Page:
A group of coders decompiled the source code for Sonic the hedgehog and its 1992 sequel to their famous 2013 smartphone ports. This means that these heavily improved versions of the early ’90s Genesis games, developed by Christian whitehead using the same revamped Retro / Star Engine that powers Sonic mania—Can now be easily recompiled for playing on new platforms including PlayStation Vita, Nintendo Switch, and Windows / Mac computers.
It’s a pretty interesting hack / coding achievement in itself. But with a bit of tinkering, the PC versions also allow gamers to scale the game window to any arbitrary resolution, expanding the visible playing field without enlarging the core pixel graphics of games. As you can see from the images and videos included in this article, this change effectively zooms out the in-game standard camera to show huge chunks of one scene at a time, giving players a new and exciting perspective. on these classic titles.
Fill your PC screen with a Sonic the map is not as simple as dragging the corner of the game window. First, you need to grab a legally obtained copy of one of the 2013 Sonic games (which are still available on Google Play and iOS App Store) and extract the “RSDK” file to your computer (this handy video tutorial may come in handy there). From there, you can run the precompiled Windows version and edit the settings file to expand the playing field horizontally with relative ease (you can also change the pixel scale if you want to effectively zoom the camera of the game on a big screen).
Unfortunately, the vertical height of the game remains hard-coded at 240px in this version, which means the game looks like a long thin strip when stretched across the width of a modern PC monitor. To extend the playing field vertically you have to dive into the decompiled source code, change “SCREEN_YSIZE” in the retroengine.hpp, then recompile a fresh new executable (there are some tricky dependencies involved to make this work; many thanks to @CodeNameGamma for his help in my attempts).
The view from a thousand feet
Once things are working out, however, the effect of this “zoom out” view is immediately striking. The standard 32 x 48 pixel Sonic sprite becomes lowercase, Where is Waldo-sque speck on a 2560×1440 monitor (or even smaller if you have a 4K or large screen). The new vantage point allows players to see well beyond the narrow 320×224 screen area they may be used to on the Genesis, allowing them to consider the scale and design of these levels. massive at the same time. Hidden paths and secrets that once passed in a blur become immediately apparent when you can take an ultra-high view of a scene at a glance.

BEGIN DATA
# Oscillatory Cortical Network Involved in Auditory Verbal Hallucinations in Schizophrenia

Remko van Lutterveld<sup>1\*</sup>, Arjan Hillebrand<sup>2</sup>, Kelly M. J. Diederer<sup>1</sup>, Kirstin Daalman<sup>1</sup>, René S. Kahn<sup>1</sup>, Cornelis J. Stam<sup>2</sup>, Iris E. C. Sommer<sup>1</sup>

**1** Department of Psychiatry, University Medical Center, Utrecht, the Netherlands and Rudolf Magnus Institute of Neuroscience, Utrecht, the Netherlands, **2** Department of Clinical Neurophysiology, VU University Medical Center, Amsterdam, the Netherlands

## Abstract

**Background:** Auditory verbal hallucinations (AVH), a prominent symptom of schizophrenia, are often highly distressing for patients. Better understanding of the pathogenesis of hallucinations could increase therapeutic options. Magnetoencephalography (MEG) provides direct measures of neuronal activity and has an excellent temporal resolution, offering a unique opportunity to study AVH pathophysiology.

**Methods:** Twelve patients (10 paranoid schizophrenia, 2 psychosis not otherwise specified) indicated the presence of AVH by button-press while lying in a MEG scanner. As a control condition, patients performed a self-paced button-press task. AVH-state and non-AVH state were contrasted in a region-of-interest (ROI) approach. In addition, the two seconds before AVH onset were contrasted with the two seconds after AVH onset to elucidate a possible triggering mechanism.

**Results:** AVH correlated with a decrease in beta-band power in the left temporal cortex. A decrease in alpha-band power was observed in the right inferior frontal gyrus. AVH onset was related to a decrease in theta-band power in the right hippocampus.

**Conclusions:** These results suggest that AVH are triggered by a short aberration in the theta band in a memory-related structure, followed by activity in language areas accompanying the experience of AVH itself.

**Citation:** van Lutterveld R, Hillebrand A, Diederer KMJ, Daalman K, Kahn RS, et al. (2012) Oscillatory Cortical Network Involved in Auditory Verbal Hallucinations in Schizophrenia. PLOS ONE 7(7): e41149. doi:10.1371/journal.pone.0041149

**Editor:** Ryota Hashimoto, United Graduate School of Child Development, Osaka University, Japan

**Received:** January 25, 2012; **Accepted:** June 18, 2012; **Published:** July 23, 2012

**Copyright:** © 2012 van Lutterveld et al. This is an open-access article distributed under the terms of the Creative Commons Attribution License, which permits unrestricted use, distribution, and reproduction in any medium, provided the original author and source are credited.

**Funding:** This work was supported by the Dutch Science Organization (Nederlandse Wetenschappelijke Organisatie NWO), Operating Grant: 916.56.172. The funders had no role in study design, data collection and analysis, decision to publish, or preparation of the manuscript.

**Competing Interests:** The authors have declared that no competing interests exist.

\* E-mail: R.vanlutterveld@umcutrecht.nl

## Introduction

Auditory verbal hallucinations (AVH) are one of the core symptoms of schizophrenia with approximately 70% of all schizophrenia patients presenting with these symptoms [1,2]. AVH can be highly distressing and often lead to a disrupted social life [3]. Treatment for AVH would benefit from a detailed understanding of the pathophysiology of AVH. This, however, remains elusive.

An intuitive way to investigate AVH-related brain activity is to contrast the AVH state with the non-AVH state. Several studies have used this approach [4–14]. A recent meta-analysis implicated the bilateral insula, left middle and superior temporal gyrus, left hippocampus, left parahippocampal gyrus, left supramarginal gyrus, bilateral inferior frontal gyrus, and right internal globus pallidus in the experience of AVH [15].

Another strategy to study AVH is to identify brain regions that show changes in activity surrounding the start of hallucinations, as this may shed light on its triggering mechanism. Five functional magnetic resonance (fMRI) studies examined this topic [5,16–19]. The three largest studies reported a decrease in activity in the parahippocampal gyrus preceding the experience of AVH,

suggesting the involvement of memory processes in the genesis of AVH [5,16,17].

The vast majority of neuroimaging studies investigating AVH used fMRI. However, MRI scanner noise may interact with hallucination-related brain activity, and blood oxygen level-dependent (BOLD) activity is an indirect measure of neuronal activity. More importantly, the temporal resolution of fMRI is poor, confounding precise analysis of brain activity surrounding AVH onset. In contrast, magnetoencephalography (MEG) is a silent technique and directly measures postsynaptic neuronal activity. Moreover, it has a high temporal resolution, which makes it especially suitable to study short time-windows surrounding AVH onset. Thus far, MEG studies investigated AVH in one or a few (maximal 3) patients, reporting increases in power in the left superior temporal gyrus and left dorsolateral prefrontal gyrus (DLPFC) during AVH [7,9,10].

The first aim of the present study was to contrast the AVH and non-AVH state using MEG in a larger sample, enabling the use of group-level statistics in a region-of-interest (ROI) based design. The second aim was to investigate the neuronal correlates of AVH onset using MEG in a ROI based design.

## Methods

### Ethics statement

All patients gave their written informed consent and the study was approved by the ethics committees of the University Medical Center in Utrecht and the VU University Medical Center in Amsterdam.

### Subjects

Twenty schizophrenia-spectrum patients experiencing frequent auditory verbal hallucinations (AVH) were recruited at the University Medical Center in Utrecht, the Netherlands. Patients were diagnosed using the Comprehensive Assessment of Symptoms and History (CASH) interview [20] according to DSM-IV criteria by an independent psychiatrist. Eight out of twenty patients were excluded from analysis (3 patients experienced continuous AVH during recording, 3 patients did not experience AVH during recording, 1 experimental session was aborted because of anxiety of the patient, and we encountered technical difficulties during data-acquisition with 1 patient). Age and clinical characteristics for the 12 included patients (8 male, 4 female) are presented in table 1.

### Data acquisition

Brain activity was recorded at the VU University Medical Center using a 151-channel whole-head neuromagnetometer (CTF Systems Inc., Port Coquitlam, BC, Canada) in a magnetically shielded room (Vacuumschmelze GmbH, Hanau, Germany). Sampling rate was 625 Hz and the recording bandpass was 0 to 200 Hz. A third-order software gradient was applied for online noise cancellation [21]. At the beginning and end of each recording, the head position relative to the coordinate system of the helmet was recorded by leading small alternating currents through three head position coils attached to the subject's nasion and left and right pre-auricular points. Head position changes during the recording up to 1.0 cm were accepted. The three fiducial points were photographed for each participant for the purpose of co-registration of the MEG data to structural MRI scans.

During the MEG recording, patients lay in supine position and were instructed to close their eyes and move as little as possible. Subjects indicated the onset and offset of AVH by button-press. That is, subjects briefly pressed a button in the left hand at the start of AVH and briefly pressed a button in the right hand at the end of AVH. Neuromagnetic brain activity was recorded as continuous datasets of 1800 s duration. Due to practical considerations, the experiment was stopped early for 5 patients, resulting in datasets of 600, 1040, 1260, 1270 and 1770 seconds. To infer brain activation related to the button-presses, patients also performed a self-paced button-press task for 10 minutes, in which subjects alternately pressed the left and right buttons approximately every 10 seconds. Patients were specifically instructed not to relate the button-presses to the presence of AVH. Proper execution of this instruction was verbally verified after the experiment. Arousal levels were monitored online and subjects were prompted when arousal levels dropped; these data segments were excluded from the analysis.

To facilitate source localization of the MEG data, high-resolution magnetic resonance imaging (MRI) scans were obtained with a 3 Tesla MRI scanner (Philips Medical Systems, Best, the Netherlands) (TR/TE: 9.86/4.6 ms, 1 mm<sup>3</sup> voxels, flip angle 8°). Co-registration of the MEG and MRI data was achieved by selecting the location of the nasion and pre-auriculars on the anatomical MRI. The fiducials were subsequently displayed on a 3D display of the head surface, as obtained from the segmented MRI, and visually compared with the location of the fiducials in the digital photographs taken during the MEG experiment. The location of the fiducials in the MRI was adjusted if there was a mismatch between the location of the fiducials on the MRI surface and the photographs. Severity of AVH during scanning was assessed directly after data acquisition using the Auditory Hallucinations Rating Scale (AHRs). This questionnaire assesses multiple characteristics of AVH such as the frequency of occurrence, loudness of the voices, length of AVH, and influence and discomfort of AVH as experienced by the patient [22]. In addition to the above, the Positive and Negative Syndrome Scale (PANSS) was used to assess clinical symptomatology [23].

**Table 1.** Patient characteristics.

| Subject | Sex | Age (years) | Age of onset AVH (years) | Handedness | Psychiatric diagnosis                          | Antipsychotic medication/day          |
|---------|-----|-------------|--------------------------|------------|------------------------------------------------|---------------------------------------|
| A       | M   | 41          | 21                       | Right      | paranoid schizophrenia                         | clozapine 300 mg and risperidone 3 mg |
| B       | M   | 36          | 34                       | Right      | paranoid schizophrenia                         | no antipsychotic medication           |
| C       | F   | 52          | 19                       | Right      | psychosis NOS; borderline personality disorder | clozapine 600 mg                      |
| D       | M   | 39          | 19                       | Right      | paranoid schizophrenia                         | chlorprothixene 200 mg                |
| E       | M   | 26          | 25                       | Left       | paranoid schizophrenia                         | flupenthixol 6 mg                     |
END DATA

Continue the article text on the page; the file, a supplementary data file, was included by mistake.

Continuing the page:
These 2013 mobile ports were originally designed to run at “full screen” resolution on a variety of different smartphones, so the engine handles all of this rescheduling pretty smoothly. Enemies, moving platforms, and animated background elements generally work, even if Sonic is thousands of pixels away in the opposite corner of the screen. The physics of the game still work as expected and everything is rendered with pixel perfect authenticity at 60 fps as well (assuming your machine can handle all of those pixels at those extended resolutions).
Still, there is some weird gameplay and visual artifacts when you try to adapt a game originally designed for 90s standard-definition TVs to modern computer resolutions. This is most evident at the end of many levels, where Sonic can get stuck on a newly obstructed invisible wall and the game hits an endless loop while waiting for it to unfold off the screen. On flat levels, the background tiles and even the level architecture itself can sometimes repeat in a vertical pattern. And the AI for Dr. Robotnik’s boss battle also tends to panic a bit thanks to the new, much bigger playing field.
These issues can be fixed as hackers continue to tinker with the source code and build new versions of these freshly decompiled games. Until then, however, we’ll never watch the classic Sonic the same way again.
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